Layers of colorful paint cover the walls of the expression tunnels, advertising people’s beliefs, different events around campus and cool pictures and designs. Every section of the tunnel has something for the daily passerby to view and appreciate, or even add to. Some parts of the tunnel are worn out from too many layers of paint and crumble. There are things in the tunnel that stay for months at a time, while other things remain for a few days or a week.
The expression tunnels under Rivers Street are the only place at Appalachian State where graffiti and other forms of art and vandalism are not only allowed, but encouraged. The main medium used to decorate the tunnels is spray paint, but there are some artists that use acrylic paints and paper mache to create their pieces.
Sophomore art education major Corryn Thompson and sophomore biology major Rebecca Fuller used acrylics to paint anything from album covers to replicas of famous classical paintings. Their friend, sophomore psychology major Lauren O’Fallon, joined them for their expression tunnel sessions to help hold their paint and converse about their days.
“We have a huge wall,” Thompson said. “We can make stuff as huge as we want and it’s not going to be there forever.”
When Thompson, Fuller and O’Fallon go to the tunnels, they said they spend about two or three hours working on a project. Sometimes they will collaborate, other times they will separately paint something they saw on the internet, laughing and complaining about how it looks the entire time.
“It’s cool that people are forced to see it,” Fuller said. “Most of the time I’m not happy with the stuff I make, but knowing that it’s going to be gone and that I won’t have to see it again in real life is cool.”
Thompson said she thinks that the expression tunnels are a good resource for people on campus because they serve as a place for people to advertise about clubs or events that are happening. It also provides artists with a way to showcase their work and get their name out to the student population and larger audience.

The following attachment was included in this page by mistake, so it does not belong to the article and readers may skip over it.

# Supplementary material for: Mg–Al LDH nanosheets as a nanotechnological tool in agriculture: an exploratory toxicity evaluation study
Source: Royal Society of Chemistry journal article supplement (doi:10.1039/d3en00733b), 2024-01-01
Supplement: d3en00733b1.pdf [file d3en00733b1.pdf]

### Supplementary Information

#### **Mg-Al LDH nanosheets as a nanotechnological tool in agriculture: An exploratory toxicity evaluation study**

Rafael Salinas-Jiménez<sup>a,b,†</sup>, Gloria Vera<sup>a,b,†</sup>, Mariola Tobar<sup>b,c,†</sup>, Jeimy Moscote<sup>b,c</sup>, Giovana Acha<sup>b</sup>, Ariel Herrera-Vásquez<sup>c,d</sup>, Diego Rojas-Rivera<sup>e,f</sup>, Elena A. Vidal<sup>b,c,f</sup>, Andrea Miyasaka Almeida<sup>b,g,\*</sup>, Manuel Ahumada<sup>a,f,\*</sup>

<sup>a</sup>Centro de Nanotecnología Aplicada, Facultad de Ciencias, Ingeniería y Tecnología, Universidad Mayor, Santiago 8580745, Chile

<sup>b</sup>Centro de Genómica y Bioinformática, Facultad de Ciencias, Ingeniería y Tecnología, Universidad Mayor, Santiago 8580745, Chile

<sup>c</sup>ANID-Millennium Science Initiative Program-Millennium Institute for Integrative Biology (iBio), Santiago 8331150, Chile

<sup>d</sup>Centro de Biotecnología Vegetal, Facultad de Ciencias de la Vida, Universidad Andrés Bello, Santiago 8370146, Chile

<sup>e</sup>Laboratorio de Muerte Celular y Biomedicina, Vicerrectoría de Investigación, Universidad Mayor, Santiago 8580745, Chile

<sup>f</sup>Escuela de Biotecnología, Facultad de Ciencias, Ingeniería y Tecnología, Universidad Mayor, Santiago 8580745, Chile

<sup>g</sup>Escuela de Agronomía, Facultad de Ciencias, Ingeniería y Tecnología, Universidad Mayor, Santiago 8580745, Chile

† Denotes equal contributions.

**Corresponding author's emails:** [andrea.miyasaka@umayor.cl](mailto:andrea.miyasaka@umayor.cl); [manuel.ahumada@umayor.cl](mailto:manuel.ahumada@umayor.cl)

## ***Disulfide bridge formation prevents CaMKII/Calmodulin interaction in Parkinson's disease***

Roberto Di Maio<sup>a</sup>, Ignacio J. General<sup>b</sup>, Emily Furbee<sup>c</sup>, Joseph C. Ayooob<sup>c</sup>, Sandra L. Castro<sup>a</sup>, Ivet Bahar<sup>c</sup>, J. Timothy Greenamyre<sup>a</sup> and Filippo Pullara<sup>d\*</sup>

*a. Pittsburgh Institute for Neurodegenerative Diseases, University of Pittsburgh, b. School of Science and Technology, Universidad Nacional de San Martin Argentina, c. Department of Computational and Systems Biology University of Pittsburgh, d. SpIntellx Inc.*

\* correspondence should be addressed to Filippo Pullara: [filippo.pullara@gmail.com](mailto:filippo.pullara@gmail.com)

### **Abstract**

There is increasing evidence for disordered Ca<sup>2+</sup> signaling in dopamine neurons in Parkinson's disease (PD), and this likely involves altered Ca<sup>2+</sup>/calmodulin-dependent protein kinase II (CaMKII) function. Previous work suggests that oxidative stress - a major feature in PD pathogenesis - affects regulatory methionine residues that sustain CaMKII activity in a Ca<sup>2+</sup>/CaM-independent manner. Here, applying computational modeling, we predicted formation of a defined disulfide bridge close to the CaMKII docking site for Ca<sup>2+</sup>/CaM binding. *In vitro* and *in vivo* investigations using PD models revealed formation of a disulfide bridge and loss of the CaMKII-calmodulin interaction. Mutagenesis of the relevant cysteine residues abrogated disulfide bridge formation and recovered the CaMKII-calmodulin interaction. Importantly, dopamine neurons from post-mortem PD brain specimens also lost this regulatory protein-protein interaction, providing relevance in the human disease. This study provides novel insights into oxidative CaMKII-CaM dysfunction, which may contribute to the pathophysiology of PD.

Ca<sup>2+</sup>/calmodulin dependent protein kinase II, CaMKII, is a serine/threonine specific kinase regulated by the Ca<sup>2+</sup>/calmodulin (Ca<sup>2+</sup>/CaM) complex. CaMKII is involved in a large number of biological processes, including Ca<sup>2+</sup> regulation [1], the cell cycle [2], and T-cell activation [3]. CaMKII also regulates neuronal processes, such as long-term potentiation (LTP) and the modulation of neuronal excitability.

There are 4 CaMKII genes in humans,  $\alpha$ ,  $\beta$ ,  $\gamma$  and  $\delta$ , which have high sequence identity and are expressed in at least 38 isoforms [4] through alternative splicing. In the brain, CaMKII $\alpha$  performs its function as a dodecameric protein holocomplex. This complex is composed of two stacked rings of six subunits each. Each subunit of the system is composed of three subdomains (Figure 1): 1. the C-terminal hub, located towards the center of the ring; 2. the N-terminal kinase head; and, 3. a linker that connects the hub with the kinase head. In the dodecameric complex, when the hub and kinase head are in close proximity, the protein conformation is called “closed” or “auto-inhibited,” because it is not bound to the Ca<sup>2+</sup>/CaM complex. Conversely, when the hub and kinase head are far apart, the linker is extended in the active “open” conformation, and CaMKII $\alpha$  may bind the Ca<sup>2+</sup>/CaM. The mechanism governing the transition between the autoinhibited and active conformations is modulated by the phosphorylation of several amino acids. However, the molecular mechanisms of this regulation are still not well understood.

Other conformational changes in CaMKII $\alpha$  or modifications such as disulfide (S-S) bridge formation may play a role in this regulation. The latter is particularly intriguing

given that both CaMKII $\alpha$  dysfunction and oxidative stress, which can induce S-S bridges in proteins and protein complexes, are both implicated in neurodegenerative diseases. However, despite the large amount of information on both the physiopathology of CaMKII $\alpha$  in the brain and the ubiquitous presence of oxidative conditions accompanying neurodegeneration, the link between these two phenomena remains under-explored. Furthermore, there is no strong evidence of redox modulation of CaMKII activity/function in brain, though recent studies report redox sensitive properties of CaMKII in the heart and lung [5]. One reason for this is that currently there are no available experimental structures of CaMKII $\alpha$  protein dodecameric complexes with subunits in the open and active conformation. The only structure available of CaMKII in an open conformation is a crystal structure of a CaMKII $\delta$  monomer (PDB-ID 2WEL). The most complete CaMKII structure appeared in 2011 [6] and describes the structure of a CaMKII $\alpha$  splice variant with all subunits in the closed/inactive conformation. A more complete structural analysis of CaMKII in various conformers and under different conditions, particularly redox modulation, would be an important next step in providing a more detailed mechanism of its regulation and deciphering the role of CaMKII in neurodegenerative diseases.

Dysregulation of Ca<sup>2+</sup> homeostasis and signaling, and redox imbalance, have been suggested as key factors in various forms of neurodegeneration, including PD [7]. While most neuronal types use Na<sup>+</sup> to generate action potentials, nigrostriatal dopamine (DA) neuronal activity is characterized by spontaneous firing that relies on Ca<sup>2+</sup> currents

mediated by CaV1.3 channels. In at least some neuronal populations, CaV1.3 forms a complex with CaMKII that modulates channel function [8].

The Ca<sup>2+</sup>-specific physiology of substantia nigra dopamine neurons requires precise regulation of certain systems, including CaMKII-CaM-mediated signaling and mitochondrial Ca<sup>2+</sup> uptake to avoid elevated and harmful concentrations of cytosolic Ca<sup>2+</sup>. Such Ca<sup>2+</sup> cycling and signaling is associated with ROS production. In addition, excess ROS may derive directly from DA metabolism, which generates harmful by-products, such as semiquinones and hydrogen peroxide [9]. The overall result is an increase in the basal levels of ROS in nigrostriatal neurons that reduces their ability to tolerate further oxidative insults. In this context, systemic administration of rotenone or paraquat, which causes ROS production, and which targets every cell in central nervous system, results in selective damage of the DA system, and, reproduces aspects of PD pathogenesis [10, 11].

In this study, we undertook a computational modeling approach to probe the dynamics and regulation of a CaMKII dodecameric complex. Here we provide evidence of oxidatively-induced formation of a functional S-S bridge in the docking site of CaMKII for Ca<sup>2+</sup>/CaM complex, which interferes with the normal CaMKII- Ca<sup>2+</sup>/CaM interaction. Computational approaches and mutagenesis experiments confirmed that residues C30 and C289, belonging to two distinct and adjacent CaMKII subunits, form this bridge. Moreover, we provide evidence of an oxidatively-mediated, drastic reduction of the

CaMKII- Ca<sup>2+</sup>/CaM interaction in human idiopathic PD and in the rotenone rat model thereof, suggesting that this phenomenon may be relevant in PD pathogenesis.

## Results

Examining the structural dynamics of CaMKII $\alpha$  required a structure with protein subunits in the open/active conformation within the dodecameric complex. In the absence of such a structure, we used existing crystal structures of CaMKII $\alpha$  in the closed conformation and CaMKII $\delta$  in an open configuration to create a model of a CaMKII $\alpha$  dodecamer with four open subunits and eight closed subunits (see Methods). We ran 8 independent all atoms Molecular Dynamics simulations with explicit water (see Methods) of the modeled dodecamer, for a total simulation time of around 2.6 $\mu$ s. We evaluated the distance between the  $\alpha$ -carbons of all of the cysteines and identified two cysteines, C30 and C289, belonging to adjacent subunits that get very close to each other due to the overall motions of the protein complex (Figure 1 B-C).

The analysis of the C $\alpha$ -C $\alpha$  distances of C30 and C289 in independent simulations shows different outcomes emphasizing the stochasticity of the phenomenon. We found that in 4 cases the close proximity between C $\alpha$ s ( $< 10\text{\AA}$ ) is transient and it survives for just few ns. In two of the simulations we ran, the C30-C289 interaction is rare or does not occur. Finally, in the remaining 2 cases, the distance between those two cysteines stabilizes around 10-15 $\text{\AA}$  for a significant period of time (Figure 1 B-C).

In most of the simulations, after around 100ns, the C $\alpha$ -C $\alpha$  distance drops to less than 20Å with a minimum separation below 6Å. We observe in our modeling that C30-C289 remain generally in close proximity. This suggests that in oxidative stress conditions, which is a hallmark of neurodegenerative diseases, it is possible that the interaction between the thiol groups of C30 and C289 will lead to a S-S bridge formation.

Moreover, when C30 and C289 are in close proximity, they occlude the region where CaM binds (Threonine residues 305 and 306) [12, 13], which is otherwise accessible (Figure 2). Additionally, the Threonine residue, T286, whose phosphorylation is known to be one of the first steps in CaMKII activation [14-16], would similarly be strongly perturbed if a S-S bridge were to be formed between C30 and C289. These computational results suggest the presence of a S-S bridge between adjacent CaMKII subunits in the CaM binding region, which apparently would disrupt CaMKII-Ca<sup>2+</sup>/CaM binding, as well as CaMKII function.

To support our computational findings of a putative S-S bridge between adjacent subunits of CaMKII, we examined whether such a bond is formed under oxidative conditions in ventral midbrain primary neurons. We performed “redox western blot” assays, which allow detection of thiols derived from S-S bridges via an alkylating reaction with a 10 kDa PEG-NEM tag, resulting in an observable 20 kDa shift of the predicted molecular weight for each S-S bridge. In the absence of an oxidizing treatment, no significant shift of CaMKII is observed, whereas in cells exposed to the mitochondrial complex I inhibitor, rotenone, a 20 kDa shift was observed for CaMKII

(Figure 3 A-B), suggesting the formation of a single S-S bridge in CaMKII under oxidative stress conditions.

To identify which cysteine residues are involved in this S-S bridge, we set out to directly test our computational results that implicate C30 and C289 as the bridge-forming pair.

“Kids have to walk through it to class, so it’s like they have a hallway of art outside,” O’Fallon said.
Thompson and Fuller said that people passing through are generally excited and curious when they see them painting in the tunnels. In the past, they said they have had people try to get a look at what they are putting on the walls.
“People come in between us and go, ‘Oh my gosh! That’s so cool!’” Thompson said.
One of Thompson’s favorite pieces of art that she has painted in the expression tunnels was a replica of Van Gogh’s “Starry Night.”
“I try to put some of the kind of classic, well known art in there,” Thompson said.
Some of the trio’s favorite things that they have seen in the tunnels include a paper mache spiral of Michael Cera’s head, a giant paper mache astronaut, the black, handsome Squidward and black and white spray-painted people in bottles.
“One of the great things about the tunnel is the impermanence of the art,” Fuller said. “So if you don’t like it, someone will paint over it.”
A lot of people have been using the expression tunnels recently to express their support for Harambe by writing “Dicks out for Harambe.” Fuller and O’Fallon’s favorite Harambe piece in the tunnel was Thompson’s realistic acrylic painting of the gorilla.
They agreed that part of the appeal behind displaying their art in the expression tunnels are the environmental and social aspects. They go to the tunnels because it is something exciting and different from what they do most nights.
“Everyone’s friendly in the tunnel,” O’Fallon said. “It’s a nice social environment.”
Thompson and Fuller like to paint in the expression tunnels because of the impermanence.
Since they are both critical of their work, they like that they won’t have to see the end result for a very long time like they would on a canvas or in a sketchbook.
“It’s kind of cool to go there, create something and take a picture,” Thompson said. “You’ll see it for maybe a week and then someone else might do the same thing.”
Story by: Celia Calhoun, A&E Reporter
Photos by: Dallas Linger, Photo Editor